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FOX Business: Reducing the Cost of Cities’ Trash Collection by 80%
BigBelly Solar CEO on how solar-powered trash cans save cities millions of dollars a year.
Liz Claman interviews BigBelly Solar CEO Barry Fougere on Fox Business Network’s ”After the Bell”
Liz Claman: Your city taxes could go down, thanks to BigBelly Solar. We are going to talk to the CEO of a company that is revolutionizing the way you dispose of your trash. They are putting solar panels onto trashcans, saving an entire city hundreds of thousands of dollars. Should they be in your city?
Listen, it is such a good idea that Harvard and MIT have bought into it, cities like Chicago, Philadelphia and Boston are in as well. Finding a way to cut costs by using the sun’s power to smash down trash. BigBelly Solar is the company that makes these trashcans that reduce the frequency of collections needed, and that is saving millions in trash pick up fees. Barry Fougere is the CEO of BigBelly Solar, and he is joining us live from Massachusetts. OK, Barry, I heard about this company and I said, “Book ‘em, Danno.” This is an incredible idea. First, tell us how these work.
Barry Fougere: What happens is, we take power of the sun – all of our waste and recycling stations are solar powered – we’re compacting trash and we’re also sensing the fullness levels of the trash in these receptacles, communicating that information back to a software management console. The combination of these activities allows sanitation departments and facilities management organizations to reduce the collection frequency by up to 80%. As you said this is saving cash-strapped cities millions of dollars a year in avoided staff costs and fuel associated with running garbage trucks much, much more frequently than is required.
Liz: This is inspired. So much so, that Philadelphia decided, “You know what? We’re already in trouble financially.” They bought into these. They’re on streets. And already were hearing that Philadelphia has saved $900,000 in trash pick up fees. So, in essence it works where the solar panels are on top – and maybe we can show some of that video again of these trashcans, that are just on street corners, correct?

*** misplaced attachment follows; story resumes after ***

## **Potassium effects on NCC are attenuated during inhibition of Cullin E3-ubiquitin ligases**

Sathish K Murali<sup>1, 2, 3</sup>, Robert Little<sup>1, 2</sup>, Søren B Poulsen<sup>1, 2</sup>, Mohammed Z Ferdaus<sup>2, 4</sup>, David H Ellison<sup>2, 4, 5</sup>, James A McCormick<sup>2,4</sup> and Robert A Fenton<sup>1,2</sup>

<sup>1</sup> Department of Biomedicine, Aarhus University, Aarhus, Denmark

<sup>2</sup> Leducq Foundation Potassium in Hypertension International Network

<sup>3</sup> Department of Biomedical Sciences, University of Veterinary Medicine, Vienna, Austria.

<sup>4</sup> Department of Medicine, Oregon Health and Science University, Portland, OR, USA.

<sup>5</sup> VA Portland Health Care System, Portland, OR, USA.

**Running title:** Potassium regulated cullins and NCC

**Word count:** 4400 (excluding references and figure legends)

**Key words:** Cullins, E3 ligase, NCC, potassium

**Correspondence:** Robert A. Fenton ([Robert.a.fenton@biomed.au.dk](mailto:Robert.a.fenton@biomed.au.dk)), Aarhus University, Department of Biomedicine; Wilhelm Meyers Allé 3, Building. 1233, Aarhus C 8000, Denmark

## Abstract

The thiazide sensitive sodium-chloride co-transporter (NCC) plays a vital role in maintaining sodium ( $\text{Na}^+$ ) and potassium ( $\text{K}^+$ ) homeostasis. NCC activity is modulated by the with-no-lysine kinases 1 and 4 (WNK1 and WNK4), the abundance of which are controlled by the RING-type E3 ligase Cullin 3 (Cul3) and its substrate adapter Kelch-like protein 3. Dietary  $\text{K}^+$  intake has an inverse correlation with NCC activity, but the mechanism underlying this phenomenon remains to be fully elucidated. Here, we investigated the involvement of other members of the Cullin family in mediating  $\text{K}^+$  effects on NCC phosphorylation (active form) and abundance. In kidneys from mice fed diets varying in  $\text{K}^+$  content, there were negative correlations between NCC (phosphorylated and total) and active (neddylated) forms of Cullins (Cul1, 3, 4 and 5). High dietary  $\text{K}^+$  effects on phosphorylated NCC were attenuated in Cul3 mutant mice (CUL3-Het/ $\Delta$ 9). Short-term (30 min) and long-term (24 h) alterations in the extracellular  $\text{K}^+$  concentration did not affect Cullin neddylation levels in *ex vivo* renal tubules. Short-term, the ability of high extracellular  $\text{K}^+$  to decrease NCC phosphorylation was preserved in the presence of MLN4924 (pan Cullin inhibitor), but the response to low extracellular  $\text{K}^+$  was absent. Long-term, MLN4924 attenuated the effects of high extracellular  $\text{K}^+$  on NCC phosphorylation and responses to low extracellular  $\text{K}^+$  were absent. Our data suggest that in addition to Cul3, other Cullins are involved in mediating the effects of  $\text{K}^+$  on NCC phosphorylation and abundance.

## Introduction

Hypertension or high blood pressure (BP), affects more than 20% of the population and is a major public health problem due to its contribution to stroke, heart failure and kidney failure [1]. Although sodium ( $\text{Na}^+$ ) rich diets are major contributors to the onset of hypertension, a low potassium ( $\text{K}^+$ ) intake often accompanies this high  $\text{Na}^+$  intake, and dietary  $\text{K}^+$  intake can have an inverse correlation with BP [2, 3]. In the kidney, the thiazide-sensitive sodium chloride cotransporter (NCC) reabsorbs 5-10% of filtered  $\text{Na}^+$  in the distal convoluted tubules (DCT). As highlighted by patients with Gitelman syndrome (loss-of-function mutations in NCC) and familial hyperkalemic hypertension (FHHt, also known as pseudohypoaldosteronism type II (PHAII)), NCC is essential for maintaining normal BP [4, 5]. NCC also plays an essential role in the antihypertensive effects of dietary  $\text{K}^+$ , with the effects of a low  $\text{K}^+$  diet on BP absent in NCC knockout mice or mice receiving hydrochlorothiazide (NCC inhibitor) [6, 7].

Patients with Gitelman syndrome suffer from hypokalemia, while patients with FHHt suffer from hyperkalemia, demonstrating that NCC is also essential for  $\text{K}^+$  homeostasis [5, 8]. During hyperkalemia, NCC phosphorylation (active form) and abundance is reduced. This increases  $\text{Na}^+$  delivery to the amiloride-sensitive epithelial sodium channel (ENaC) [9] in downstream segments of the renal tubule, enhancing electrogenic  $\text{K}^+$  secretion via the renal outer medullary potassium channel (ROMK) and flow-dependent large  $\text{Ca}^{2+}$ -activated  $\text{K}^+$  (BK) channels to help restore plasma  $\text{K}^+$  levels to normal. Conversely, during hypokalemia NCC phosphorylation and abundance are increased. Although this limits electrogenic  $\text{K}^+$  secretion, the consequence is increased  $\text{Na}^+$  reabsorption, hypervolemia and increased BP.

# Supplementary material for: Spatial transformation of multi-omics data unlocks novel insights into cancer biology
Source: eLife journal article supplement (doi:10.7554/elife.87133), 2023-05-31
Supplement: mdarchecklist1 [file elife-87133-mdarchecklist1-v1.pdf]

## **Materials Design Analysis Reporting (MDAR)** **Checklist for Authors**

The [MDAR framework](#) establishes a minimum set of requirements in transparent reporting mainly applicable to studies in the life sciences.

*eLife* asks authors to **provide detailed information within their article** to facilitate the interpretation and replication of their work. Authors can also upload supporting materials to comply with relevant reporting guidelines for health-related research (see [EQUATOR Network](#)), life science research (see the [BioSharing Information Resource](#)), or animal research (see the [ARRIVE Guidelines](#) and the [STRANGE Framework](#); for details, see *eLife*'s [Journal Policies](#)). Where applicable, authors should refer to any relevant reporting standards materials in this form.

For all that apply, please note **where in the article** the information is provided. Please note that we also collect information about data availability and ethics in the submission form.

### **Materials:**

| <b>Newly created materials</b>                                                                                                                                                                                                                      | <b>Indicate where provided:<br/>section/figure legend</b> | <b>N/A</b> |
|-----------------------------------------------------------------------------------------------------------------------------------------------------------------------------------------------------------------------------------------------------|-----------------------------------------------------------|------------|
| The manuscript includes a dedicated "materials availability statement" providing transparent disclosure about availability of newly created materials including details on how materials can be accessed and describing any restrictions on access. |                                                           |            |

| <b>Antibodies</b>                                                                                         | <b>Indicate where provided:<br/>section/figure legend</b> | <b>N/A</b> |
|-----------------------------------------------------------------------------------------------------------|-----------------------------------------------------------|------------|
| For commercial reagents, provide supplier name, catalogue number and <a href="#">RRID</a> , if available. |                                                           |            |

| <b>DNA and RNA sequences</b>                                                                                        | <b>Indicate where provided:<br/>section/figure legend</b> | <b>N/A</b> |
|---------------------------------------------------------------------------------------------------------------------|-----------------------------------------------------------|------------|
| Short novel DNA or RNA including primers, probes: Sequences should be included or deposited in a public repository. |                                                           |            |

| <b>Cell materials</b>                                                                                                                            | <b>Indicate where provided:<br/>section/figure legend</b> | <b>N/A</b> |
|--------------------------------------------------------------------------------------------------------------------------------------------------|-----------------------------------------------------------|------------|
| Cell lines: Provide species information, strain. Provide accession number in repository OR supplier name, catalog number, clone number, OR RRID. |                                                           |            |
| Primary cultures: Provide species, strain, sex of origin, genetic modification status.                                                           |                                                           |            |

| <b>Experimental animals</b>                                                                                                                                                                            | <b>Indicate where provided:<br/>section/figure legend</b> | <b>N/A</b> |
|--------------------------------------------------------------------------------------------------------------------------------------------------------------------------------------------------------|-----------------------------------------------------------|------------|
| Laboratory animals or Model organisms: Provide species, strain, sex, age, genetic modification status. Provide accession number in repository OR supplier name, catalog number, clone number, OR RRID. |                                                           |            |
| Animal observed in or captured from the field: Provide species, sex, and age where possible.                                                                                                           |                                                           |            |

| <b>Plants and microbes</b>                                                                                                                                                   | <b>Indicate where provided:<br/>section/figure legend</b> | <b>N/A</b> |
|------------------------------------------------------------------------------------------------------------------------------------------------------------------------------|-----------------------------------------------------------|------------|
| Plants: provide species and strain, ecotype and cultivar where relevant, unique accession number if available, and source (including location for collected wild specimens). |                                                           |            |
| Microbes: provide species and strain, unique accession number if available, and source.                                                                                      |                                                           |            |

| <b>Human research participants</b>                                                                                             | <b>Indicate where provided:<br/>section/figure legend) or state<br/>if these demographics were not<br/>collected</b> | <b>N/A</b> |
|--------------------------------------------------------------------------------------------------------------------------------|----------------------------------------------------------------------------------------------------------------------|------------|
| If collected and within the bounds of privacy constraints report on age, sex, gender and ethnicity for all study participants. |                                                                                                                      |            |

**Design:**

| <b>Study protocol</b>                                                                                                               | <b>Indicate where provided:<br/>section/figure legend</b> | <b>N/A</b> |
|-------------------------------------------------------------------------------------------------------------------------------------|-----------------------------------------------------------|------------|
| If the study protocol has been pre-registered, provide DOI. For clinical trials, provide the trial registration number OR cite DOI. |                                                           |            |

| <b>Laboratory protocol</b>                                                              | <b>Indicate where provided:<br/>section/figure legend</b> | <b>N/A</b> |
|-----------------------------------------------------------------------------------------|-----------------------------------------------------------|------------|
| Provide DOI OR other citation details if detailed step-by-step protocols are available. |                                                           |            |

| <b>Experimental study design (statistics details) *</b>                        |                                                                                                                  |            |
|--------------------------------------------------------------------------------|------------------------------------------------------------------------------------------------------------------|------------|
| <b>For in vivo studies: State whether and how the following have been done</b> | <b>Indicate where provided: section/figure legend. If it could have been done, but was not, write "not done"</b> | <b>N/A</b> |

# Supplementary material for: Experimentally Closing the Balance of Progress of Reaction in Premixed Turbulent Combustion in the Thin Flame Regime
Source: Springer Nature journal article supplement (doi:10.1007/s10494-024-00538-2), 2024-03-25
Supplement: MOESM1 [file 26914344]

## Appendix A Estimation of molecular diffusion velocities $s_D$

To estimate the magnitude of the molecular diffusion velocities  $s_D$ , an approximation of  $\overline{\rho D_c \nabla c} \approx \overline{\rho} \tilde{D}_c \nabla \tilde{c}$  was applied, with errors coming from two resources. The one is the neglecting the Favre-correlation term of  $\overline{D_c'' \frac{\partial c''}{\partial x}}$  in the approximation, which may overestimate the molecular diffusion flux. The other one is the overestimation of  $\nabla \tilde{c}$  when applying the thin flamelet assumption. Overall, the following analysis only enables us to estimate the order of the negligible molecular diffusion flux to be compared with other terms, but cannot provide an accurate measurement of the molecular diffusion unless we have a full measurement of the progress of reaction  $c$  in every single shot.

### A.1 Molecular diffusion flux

Liz: And subsequently they will compress the trash over and over, to the point where – how much more can this can hold than a regular one on a street in New York City that doesn’t have this?
Barry: About five times the capacity. So in a traditional 35-gallon type of trash can we can hold 180 gallons in the same footprint.
Liz: And then there is a signal that it sends out when it is full. Only then does a worker get called out. So you’re already saving man-hours, obviously, because sometimes trashcans that we see on the street are way overflowing, or sometimes they’re empty and they came out and got paid for the hours worked, yet the trash didn’t need to be picked up, correct?
Barry: Yes. We find quite frequently that the trashcans are empty or there may be a few candy wrappers or something like this and the system that we use, the information system, we’re able to essentially take seven to eight out of every 10 trash collection trips off the street. And in an industry that’s burning about 1.5 billion gallons of diesel fuel a year, this is a very significant environmental savings, but it also frees up labor resources and trucks to accomplish other important tasks for cities who are really struggling with their budget deficits.
Liz: Well, the first thing I thought was that the waste management guys, and certainly the workers are going to hate this – except that at least Waste Management, the company itself thought if you can’t beat them, join them. It is such a good idea that Waste Management has become a minority investor in your company. Who else is in? Are you getting venture capital money here, and will you eventually go public, launch an IPO?
Barry: This is sort of an interesting business in that there is not a lot of venture capital investment that you might see in companies like this. It’s an organization that a lot of high net worth individuals that are environmentally conscious and sensitive to the struggles of our cities wanted to get behind this company, and we’re growing with their support. An IPO may be a future opportunity. It’s not something were thinking about right now. We’re really happy that we’re not only making a positive environmental impact, we’re helping as you mentioned with cities like Philadelphia, Chicago, Boston, really struggling with their budget situation be able to do more with less.
Liz: How much do they cost?
Barry: Well, it depends on the system, obviously, but this is more expensive than a traditional trashcan. But, a park system that may have a park where they want to put 10 of our solutions in, that might be about $1,000 a month over a five-year period. So more expensive than a traditional trashcan, but we find when cities are spending $2,000 per trashcan per year for the activity of collecting trash, that the capital payback on this investment is very, very rapid.
Liz: Absolutely. And at a time when municipalities are strapped, they’ve got to come up with better solutions. And, Barry, BigBelly Solar is one of them.
Liz: I love this company because, whether you’re green to me is not the issue: It saves money – and that is the benefit.
Barry: It saves money.
Liz: Thank you so much for joining us.
Barry: Thank you, Liz.